The Wisest Word Yet on Signing Statements

Finally, some official sense in the debate over President Bush's use of "signing statements" to undercut the force and scope of Congressional legislation. Walter Dellinger, head of the Justice Department's Office of Legal Counsel during most of the first Clinton term, has chimed in again, this time on the op-ed page of the New York Times this, with a reasonable view of the matter.

As he did in 1993 when he defended the use of signing statements, Delliinger says that signing statements are legitimate and necessary uses of presidential authority. But, he says, the whole debate over their widespread use by the Bush Administration misses the larger point-- "which is not the president's right to act on his constitutional views, but that some of this president's constitutional views are fundamentally wrong." Dellinger's op-ed is a big deal because his old memo has been used by many conservative commentators, and bloggers, as "proof" that "liberal" lawyers are hypocritically attacking President Bush over a practice that they embraced when it was performed by President Clinton. Dellinger's piece clarifies a lot and in this debate, legally and politically, that's truly a welcome thing.

By Andrew Cohen |  July 31, 2006; 9:00 AM ET
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Dellinger in his Op-Ed states: "A president [as stated in my memo] should presume laws are valid and accord great deference to Congress's view that its acts are consistent with the Constitution. A president should also recognize that, while the Supreme Court is not the sole arbiter of constitutionality, it plays a special role in resolving such questions." This demonstrates to me that judicial review is not the equivalent of judicial supremacy. Keep in mind that a Supreme Court decision on the constitutionality of a law may be based upon a 5-4 vote. So should one swing vote necessarily result in judicial supremacy as black letter law? What was it Jefferson, Jackson, or was it Lincoln, said about the power of the Court to enforce its decision against the executive? Yes, the Court does play a special role, but it is not infallible. I am not suggesting that a president, especially George W, is infallible. But I have problems with an abolutist position of superiority of any branch over the others. Of course, in such situations "We the People" have to speak, to be heard. We can vote out the rascals in the executive and legislative, but not in the judicial branch.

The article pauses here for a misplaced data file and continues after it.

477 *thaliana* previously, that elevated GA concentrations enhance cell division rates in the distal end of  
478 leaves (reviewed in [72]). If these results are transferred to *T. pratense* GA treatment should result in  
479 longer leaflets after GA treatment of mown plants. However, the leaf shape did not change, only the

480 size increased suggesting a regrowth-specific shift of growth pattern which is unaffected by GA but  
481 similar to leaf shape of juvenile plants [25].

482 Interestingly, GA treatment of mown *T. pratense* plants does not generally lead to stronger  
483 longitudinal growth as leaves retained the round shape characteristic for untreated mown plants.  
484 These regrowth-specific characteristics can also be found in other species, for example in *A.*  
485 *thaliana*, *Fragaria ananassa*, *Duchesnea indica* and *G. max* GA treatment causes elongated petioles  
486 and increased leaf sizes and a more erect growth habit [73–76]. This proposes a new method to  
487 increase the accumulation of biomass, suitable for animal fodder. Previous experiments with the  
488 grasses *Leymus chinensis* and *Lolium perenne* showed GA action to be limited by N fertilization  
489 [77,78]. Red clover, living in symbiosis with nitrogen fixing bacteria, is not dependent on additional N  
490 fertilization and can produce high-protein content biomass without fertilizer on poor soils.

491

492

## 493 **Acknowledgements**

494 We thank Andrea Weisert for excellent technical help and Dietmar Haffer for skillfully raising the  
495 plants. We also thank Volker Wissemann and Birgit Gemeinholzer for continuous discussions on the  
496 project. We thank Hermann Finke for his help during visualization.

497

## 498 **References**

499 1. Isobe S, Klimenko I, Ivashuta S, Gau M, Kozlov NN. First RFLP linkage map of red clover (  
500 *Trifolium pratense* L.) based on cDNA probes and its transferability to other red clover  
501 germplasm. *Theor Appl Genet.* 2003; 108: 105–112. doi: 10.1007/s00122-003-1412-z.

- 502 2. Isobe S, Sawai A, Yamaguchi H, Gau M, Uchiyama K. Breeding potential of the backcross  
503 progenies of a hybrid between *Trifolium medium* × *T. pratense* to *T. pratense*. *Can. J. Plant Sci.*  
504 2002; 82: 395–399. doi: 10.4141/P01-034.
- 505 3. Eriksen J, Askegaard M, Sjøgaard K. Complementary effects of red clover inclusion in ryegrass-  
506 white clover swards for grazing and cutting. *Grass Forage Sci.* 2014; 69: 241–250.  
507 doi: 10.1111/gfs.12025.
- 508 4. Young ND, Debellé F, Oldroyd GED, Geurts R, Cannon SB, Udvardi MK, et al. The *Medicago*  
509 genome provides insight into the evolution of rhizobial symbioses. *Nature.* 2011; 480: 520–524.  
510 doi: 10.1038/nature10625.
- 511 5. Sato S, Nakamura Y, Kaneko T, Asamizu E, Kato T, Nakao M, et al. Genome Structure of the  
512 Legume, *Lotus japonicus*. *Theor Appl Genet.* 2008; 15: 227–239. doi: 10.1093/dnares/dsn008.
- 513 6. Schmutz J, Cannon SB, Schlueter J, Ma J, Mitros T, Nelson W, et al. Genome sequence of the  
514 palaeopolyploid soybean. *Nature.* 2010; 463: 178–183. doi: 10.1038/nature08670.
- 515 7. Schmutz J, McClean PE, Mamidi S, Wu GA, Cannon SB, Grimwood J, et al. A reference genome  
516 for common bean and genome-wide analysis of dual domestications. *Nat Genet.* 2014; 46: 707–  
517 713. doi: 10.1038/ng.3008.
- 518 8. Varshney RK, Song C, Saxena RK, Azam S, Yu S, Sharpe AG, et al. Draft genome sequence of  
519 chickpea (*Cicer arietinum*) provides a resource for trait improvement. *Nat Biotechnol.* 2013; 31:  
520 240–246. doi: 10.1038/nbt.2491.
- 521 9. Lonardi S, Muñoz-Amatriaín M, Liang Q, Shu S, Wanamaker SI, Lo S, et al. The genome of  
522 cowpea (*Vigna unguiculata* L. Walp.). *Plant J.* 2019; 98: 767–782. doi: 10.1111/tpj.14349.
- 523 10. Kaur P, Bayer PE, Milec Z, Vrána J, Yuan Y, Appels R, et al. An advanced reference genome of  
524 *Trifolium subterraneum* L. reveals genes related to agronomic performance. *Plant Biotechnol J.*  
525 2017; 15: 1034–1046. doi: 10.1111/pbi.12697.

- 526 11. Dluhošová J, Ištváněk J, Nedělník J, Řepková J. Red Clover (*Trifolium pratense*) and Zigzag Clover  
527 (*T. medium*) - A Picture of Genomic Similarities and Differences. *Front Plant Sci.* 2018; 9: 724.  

Posted by: Shag from Brookline | July 31, 2006 04:11 PM

Shag misses the point with his argument about Judicial review/supremacy. No, we cannot vote out the "rascals" in the judicial branch, but Congress can impeach and pass constitutional ammendments and thus check the power of the courts.
My question is how to check the imperial presidency? With the Republican lock on all three branches, barring a revolt in his own party, the president rules with no check on his powers.
The signing statement on the anti-torture bill is reprehensible. It puts the average soldier in an impossible position. Let's say he is ordered to use questionable techniques that may be considered torture, if he goes along he may be tried as a criminal torturer and if he refuses he may be prosecuted for refusing to obey a lawful order. You saw what happened at Abu Graib. Only low ranking GI's were convicted. Everyone else was promoted. It's disgusting. There is no honor in this administration.

Posted by: capeman | August 1, 2006 12:36 AM

Capeman seems to attribute Superman's powers to Congress. Yes, Congress has the power to impeach Supreme Court Justices, but look at the history over the past couple of centuries to test how this has worked. Nor can Congress, on its own, adopt amendments to the Constitution. As to all three branches being under the control of one party, there is nothing in the Constitution to prevent this. So doesn't it boil down to "We the People" taking action? By voting? Otherwise? Who rules supreme? Who should rule supreme? A swing voting Justice of the Court? No branch should abdicate to the others. "We the People" have to demand this.

Posted by: Shag from Brookline | August 1, 2006 07:23 AM

No "Superman" claims here. Yes, no justice has been impeached, but that might have more to do with the process to keep outright crooks from the bench (Fortas being an exception). And, yes, the states have to approve any ammendment. But this is the way it has been since the beginnings of the country. The U.S. Supreme court is the final arbiter in how to interpret statutes and the Constitution. Someone has to have the final word, otherwise chaos would reign.
This is the reason to be very careful in examining the candidates for the court, and why the tendency in recent year for the nominees to avoid answering questions is so troubling.
The Court has been wrong, it isn't infallible (see Dred Scott v. Sanford, Plessy v Ferguson, and Bush v. Gore). But the history of all controversial decisions is that they must be enforced by the appropriate entities. Should they not, they can be held in contempt and, except for the President, jailed. In the President's case, this would make him eligible for impeachment.
"We the people" set up a representative republic that made the Supreme Court the final arbiter, even in, yes, 5-4 decisions.

Posted by: capeman | August 1, 2006 08:57 AM

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